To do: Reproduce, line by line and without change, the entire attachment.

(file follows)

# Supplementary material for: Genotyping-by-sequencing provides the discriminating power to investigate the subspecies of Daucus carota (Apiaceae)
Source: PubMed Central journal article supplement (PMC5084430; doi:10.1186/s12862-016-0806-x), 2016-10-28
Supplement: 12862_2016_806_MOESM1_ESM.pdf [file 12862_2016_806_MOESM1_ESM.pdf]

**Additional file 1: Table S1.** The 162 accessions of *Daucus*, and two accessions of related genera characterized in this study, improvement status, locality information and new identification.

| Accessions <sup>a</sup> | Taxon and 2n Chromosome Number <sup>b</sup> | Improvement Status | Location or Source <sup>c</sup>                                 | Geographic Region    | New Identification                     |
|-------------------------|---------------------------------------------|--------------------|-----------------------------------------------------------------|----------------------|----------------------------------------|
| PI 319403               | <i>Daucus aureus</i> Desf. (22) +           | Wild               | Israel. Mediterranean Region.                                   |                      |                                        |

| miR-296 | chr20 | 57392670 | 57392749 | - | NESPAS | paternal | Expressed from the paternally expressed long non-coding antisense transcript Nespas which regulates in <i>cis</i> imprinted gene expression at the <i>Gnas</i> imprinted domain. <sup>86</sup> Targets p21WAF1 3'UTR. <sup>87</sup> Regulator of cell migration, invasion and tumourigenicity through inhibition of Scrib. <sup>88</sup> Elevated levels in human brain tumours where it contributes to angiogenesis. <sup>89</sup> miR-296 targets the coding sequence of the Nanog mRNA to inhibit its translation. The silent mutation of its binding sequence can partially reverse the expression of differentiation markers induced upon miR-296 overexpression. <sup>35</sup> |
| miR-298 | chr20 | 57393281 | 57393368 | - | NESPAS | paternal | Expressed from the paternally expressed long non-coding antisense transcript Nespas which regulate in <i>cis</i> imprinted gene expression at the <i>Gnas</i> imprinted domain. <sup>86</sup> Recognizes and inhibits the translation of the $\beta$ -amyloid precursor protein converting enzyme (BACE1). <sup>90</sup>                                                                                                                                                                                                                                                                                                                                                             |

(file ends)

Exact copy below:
# Supplementary material for: Genotyping-by-sequencing provides the discriminating power to investigate the subspecies of Daucus carota (Apiaceae)
Source: PubMed Central journal article supplement (PMC5084430; doi:10.1186/s12862-016-0806-x), 2016-10-28
Supplement: 12862_2016_806_MOESM1_ESM.pdf [file 12862_2016_806_MOESM1_ESM.pdf]

**Additional file 1: Table S1.** The 162 accessions of *Daucus*, and two accessions of related genera characterized in this study, improvement status, locality information and new identification.

| Accessions <sup>a</sup> | Taxon and 2n Chromosome Number <sup>b</sup> | Improvement Status | Location or Source <sup>c</sup>                                 | Geographic Region    | New Identification                     |
|-------------------------|---------------------------------------------|--------------------|-----------------------------------------------------------------|----------------------|----------------------------------------|
| PI 319403               | <i>Daucus aureus</i> Desf. (22) +           | Wild               | Israel. Mediterranean Region.                                   |                      |                                        |

| miR-296 | chr20 | 57392670 | 57392749 | - | NESPAS | paternal | Expressed from the paternally expressed long non-coding antisense transcript Nespas which regulates in <i>cis</i> imprinted gene expression at the <i>Gnas</i> imprinted domain. <sup>86</sup> Targets p21WAF1 3'UTR. <sup>87</sup> Regulator of cell migration, invasion and tumourigenicity through inhibition of Scrib. <sup>88</sup> Elevated levels in human brain tumours where it contributes to angiogenesis. <sup>89</sup> miR-296 targets the coding sequence of the Nanog mRNA to inhibit its translation. The silent mutation of its binding sequence can partially reverse the expression of differentiation markers induced upon miR-296 overexpression. <sup>35</sup> |
| miR-298 | chr20 | 57393281 | 57393368 | - | NESPAS | paternal | Expressed from the paternally expressed long non-coding antisense transcript Nespas which regulate in <i>cis</i> imprinted gene expression at the <i>Gnas</i> imprinted domain. <sup>86</sup> Recognizes and inhibits the translation of the $\beta$ -amyloid precursor protein converting enzyme (BACE1). <sup>90</sup>                                                                                                                                                                                                                                                                                                                                                             |